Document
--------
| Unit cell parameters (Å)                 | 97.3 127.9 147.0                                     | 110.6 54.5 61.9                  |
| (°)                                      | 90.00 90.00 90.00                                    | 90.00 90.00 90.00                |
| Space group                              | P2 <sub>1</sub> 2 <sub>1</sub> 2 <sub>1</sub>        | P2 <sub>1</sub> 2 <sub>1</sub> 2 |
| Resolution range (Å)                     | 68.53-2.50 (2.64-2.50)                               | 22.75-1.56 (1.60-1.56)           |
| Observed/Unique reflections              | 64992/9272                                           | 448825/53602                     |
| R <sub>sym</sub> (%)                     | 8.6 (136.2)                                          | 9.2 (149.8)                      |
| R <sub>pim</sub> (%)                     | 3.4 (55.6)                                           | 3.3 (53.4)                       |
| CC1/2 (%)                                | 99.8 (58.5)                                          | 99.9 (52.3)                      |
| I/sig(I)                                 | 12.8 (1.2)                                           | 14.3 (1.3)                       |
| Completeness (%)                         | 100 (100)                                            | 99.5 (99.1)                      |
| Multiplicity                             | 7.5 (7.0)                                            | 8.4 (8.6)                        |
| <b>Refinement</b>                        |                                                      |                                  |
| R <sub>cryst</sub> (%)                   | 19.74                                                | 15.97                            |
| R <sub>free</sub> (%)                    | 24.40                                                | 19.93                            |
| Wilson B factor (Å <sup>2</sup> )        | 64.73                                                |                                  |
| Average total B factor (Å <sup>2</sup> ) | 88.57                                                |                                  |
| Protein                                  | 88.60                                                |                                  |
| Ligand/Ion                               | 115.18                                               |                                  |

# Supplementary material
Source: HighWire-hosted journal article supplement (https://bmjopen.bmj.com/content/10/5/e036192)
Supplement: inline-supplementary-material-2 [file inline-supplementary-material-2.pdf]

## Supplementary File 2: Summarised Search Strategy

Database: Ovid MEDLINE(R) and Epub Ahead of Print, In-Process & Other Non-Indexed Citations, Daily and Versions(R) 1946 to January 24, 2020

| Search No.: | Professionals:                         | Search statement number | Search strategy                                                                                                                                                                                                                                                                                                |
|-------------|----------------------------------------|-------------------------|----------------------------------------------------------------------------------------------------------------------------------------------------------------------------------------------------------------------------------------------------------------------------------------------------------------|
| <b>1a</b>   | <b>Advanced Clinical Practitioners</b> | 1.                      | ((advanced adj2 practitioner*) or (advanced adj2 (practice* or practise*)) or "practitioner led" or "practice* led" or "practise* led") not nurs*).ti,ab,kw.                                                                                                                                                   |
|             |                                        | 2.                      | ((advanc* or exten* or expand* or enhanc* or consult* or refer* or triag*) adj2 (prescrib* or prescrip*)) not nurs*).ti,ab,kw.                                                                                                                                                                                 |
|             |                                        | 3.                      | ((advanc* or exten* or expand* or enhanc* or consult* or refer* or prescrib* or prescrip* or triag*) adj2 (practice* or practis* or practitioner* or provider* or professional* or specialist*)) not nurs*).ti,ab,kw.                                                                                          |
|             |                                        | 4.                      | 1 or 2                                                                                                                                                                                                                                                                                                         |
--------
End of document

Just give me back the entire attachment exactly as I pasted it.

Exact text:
| Unit cell parameters (Å)                 | 97.3 127.9 147.0                                     | 110.6 54.5 61.9                  |
| (°)                                      | 90.00 90.00 90.00                                    | 90.00 90.00 90.00                |
| Space group                              | P2 <sub>1</sub> 2 <sub>1</sub> 2 <sub>1</sub>        | P2 <sub>1</sub> 2 <sub>1</sub> 2 |
| Resolution range (Å)                     | 68.53-2.50 (2.64-2.50)                               | 22.75-1.56 (1.60-1.56)           |
| Observed/Unique reflections              | 64992/9272                                           | 448825/53602                     |
| R <sub>sym</sub> (%)                     | 8.6 (136.2)                                          | 9.2 (149.8)                      |
| R <sub>pim</sub> (%)                     | 3.4 (55.6)                                           | 3.3 (53.4)                       |
| CC1/2 (%)                                | 99.8 (58.5)                                          | 99.9 (52.3)                      |
| I/sig(I)                                 | 12.8 (1.2)                                           | 14.3 (1.3)                       |
| Completeness (%)                         | 100 (100)                                            | 99.5 (99.1)                      |
| Multiplicity                             | 7.5 (7.0)                                            | 8.4 (8.6)                        |
| <b>Refinement</b>                        |                                                      |                                  |
| R <sub>cryst</sub> (%)                   | 19.74                                                | 15.97                            |
| R <sub>free</sub> (%)                    | 24.40                                                | 19.93                            |
| Wilson B factor (Å <sup>2</sup> )        | 64.73                                                |                                  |
| Average total B factor (Å <sup>2</sup> ) | 88.57                                                |                                  |
| Protein                                  | 88.60                                                |                                  |
| Ligand/Ion                               | 115.18                                               |                                  |

# Supplementary material
Source: HighWire-hosted journal article supplement (https://bmjopen.bmj.com/content/10/5/e036192)
Supplement: inline-supplementary-material-2 [file inline-supplementary-material-2.pdf]

## Supplementary File 2: Summarised Search Strategy

Database: Ovid MEDLINE(R) and Epub Ahead of Print, In-Process & Other Non-Indexed Citations, Daily and Versions(R) 1946 to January 24, 2020

| Search No.: | Professionals:                         | Search statement number | Search strategy                                                                                                                                                                                                                                                                                                |
|-------------|----------------------------------------|-------------------------|----------------------------------------------------------------------------------------------------------------------------------------------------------------------------------------------------------------------------------------------------------------------------------------------------------------|
| <b>1a</b>   | <b>Advanced Clinical Practitioners</b> | 1.                      | ((advanced adj2 practitioner*) or (advanced adj2 (practice* or practise*)) or "practitioner led" or "practice* led" or "practise* led") not nurs*).ti,ab,kw.                                                                                                                                                   |
|             |                                        | 2.                      | ((advanc* or exten* or expand* or enhanc* or consult* or refer* or triag*) adj2 (prescrib* or prescrip*)) not nurs*).ti,ab,kw.                                                                                                                                                                                 |
|             |                                        | 3.                      | ((advanc* or exten* or expand* or enhanc* or consult* or refer* or prescrib* or prescrip* or triag*) adj2 (practice* or practis* or practitioner* or provider* or professional* or specialist*)) not nurs*).ti,ab,kw.                                                                                          |
|             |                                        | 4.                      | 1 or 2                                                                                                                                                                                                                                                                                                         |